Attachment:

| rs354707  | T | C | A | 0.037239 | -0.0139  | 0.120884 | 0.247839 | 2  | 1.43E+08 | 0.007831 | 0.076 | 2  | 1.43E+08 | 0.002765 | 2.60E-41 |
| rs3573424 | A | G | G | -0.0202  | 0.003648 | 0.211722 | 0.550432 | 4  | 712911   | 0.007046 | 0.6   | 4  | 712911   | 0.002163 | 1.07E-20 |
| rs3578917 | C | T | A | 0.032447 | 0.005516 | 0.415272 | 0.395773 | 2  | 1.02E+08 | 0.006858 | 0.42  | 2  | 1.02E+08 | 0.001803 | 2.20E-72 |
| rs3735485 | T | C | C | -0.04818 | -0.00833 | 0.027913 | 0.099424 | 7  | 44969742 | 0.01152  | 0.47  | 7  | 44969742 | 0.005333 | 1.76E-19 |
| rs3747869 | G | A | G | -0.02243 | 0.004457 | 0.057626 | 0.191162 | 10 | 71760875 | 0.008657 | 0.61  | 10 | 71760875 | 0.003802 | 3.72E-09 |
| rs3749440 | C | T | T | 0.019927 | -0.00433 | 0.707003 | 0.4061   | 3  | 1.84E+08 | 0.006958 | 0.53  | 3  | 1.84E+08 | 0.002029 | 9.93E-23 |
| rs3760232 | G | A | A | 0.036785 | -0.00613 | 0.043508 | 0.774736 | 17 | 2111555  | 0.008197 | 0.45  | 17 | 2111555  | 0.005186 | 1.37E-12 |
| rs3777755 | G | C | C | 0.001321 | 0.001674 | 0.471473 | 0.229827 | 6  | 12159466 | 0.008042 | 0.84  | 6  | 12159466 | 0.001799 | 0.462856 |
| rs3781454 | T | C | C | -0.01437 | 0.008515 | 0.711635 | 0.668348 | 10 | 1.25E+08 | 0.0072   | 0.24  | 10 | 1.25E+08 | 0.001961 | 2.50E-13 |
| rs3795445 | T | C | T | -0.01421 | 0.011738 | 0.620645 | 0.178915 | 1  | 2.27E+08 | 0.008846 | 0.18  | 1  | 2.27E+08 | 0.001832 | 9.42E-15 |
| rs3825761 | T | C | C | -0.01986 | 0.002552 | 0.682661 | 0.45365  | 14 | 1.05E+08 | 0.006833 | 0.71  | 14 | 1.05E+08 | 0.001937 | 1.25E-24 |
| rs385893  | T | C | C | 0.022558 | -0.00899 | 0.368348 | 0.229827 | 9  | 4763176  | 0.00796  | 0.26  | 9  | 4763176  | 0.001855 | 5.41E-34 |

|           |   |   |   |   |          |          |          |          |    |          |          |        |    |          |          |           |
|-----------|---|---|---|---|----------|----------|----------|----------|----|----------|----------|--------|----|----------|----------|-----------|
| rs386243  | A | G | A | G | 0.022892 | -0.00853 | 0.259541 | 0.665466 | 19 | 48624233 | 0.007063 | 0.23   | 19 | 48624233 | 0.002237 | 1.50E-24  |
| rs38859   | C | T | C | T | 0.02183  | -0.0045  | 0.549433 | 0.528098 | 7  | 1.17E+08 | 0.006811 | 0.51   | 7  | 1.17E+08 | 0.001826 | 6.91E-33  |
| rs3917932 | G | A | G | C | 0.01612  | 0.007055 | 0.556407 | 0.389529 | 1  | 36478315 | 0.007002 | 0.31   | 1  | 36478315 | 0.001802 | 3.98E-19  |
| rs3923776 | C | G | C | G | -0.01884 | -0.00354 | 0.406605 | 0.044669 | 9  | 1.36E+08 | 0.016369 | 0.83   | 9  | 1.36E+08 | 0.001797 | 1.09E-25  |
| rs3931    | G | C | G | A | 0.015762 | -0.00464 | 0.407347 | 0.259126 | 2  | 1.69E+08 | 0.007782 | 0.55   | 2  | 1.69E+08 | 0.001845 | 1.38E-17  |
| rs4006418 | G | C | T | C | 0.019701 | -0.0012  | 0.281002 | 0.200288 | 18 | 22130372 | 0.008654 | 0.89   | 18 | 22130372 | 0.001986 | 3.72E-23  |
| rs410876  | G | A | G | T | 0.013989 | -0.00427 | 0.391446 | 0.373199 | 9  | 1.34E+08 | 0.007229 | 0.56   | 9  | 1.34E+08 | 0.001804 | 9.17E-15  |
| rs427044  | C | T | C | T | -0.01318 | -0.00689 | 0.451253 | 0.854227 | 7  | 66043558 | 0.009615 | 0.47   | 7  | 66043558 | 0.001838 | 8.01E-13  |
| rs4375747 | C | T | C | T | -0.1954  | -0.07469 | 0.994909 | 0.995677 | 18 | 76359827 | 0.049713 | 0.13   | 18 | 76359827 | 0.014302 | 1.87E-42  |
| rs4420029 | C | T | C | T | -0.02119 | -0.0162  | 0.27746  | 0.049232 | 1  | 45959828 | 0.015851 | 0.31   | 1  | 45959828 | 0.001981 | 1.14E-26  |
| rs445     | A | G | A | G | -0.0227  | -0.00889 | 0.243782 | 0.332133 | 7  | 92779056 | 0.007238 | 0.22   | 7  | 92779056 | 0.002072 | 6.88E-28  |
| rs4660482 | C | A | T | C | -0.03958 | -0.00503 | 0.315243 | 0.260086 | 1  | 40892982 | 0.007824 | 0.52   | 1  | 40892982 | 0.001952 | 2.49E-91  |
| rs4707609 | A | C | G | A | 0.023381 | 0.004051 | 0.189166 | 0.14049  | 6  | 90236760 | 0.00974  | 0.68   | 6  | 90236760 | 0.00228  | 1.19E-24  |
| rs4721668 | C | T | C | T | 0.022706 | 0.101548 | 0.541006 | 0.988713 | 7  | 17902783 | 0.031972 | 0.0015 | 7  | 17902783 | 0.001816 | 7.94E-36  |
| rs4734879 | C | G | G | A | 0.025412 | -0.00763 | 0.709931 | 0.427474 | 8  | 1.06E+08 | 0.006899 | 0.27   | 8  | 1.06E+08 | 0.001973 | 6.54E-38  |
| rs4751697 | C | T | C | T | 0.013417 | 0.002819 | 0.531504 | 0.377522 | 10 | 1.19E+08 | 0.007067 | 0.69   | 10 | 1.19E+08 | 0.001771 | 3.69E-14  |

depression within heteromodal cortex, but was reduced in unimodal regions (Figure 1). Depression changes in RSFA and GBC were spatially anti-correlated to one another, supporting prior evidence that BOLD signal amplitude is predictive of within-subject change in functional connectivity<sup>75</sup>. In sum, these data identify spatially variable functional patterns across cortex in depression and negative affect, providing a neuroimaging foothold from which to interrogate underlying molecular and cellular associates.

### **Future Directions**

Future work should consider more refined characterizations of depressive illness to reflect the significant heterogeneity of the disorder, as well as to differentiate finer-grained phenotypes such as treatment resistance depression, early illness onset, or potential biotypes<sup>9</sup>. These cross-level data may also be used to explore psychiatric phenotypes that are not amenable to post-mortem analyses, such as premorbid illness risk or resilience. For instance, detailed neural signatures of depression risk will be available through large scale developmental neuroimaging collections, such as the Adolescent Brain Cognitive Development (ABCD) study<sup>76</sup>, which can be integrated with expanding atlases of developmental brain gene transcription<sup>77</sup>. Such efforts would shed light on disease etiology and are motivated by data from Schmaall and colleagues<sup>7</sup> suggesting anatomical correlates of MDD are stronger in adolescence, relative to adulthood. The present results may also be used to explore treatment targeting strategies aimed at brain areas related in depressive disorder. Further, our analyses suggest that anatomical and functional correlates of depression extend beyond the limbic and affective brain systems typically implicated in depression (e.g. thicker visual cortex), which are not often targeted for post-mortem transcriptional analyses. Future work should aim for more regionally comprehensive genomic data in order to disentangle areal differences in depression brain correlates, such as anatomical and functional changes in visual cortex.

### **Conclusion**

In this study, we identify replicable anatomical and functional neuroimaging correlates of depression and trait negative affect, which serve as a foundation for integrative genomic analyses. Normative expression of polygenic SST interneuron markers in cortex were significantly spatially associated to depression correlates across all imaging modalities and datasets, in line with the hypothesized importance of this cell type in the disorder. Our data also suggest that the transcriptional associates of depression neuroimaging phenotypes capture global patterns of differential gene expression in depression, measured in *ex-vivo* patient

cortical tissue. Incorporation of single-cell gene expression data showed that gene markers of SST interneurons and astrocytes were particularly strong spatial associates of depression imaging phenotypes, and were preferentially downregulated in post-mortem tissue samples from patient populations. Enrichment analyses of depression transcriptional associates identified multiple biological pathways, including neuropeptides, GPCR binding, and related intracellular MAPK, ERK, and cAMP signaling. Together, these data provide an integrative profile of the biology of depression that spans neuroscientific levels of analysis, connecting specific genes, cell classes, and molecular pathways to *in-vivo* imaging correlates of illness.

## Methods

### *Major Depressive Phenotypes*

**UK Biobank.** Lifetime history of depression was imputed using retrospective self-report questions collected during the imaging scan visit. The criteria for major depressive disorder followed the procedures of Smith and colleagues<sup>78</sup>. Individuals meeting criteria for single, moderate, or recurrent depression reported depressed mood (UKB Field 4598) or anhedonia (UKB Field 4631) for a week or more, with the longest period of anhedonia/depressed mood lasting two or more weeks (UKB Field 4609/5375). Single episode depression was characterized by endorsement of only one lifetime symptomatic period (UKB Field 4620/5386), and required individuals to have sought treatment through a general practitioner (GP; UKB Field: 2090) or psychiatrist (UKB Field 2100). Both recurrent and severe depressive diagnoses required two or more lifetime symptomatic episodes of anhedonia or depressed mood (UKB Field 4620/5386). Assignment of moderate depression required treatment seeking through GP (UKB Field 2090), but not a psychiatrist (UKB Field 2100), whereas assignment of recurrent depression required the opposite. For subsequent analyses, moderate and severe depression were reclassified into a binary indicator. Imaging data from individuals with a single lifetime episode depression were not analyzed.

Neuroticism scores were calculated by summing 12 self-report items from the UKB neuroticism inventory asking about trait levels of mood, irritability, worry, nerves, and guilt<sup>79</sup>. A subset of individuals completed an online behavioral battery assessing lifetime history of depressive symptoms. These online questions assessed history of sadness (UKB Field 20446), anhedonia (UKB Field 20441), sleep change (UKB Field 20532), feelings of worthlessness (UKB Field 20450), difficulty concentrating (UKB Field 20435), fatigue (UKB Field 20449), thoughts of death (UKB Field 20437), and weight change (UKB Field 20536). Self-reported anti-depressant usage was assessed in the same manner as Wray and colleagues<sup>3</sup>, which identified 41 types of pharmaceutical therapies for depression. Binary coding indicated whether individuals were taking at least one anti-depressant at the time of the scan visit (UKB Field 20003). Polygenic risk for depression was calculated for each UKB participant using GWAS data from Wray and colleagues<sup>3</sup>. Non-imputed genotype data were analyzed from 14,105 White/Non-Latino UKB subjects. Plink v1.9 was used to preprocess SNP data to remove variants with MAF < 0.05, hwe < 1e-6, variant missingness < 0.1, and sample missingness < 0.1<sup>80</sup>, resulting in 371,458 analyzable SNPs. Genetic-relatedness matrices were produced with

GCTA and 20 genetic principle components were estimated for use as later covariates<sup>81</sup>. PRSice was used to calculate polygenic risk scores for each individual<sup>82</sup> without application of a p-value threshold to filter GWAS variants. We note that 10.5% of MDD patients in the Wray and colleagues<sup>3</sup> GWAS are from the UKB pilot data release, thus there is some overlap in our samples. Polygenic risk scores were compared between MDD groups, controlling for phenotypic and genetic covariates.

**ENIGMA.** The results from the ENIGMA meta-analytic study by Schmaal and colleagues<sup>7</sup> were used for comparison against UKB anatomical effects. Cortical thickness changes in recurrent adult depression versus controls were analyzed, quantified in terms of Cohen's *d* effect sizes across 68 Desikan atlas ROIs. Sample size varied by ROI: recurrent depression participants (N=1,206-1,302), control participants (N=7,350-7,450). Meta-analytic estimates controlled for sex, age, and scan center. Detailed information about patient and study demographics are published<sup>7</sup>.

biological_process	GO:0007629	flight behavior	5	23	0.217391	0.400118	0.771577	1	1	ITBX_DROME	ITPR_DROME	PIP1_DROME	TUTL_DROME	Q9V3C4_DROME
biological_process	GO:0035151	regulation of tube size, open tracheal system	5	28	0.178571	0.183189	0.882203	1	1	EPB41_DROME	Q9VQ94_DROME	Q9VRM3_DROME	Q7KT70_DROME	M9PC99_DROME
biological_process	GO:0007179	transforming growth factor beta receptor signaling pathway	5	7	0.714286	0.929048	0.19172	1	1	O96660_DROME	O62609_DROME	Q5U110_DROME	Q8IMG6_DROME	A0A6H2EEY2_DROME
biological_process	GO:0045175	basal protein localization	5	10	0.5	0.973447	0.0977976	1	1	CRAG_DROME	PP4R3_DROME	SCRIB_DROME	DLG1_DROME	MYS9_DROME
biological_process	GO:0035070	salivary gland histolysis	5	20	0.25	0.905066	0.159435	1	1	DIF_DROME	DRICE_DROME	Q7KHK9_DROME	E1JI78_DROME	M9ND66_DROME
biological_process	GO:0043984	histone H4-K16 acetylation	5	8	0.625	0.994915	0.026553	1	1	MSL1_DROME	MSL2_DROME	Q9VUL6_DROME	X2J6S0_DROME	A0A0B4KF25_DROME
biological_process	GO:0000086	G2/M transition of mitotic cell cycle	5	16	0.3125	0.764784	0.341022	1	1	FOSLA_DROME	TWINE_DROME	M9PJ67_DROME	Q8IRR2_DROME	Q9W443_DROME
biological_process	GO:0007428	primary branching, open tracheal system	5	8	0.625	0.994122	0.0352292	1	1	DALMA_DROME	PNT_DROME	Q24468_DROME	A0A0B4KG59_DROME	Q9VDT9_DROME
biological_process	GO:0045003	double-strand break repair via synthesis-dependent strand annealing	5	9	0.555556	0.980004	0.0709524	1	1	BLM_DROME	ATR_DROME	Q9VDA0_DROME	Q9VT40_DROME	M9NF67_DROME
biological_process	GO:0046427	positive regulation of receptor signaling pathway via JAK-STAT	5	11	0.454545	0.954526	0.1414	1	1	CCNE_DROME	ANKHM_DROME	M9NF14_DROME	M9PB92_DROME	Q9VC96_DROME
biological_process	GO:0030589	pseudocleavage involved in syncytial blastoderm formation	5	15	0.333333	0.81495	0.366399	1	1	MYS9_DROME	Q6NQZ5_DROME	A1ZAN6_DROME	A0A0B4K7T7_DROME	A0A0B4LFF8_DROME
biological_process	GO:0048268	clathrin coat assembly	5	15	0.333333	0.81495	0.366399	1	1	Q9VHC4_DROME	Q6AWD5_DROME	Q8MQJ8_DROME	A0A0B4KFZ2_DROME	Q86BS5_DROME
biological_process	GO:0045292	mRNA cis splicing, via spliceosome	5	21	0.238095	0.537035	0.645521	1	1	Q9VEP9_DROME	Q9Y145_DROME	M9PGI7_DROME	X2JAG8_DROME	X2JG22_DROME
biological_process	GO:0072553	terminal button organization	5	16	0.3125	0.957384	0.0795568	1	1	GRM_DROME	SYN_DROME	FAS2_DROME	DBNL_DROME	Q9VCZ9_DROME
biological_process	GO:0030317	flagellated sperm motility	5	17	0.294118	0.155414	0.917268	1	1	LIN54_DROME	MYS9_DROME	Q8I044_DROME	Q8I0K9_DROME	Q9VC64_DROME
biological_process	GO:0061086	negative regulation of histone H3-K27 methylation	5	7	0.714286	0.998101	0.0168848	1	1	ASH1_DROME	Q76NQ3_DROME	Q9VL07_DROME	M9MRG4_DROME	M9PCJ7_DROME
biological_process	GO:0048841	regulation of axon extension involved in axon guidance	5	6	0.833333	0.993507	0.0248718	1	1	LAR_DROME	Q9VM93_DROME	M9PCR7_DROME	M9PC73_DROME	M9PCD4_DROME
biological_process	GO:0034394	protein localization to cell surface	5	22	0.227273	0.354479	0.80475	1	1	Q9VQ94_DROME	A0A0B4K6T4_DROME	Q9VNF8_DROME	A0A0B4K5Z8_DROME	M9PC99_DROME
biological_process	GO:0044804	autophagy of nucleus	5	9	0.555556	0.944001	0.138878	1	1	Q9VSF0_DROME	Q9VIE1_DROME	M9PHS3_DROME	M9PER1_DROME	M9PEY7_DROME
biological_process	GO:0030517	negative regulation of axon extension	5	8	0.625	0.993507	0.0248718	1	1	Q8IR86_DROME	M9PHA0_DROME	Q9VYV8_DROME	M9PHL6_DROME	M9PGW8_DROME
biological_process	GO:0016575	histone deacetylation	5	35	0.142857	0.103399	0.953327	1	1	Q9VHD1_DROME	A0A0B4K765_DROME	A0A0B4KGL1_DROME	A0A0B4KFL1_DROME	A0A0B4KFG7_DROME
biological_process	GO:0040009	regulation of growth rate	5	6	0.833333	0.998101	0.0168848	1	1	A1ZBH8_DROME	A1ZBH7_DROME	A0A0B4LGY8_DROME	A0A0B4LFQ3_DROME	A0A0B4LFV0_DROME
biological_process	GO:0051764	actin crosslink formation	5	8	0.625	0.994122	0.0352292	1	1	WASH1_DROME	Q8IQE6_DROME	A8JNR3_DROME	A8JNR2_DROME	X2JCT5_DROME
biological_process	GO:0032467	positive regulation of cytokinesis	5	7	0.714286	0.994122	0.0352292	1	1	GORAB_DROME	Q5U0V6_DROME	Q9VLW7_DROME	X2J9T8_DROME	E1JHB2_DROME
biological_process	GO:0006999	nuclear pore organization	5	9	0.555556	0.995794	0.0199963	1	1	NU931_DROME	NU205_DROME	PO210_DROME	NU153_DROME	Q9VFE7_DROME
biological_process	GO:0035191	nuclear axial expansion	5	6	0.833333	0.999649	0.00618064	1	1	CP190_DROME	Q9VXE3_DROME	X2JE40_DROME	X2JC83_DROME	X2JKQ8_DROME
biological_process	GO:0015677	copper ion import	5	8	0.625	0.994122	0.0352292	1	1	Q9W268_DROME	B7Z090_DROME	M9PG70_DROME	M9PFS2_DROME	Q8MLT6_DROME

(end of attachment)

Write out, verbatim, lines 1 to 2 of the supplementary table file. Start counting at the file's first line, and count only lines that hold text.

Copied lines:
| rs354707  | T | C | A | 0.037239 | -0.0139  | 0.120884 | 0.247839 | 2  | 1.43E+08 | 0.007831 | 0.076 | 2  | 1.43E+08 | 0.002765 | 2.60E-41 |
| rs3573424 | A | G | G | -0.0202  | 0.003648 | 0.211722 | 0.550432 | 4  | 712911   | 0.007046 | 0.6   | 4  | 712911   | 0.002163 | 1.07E-20 |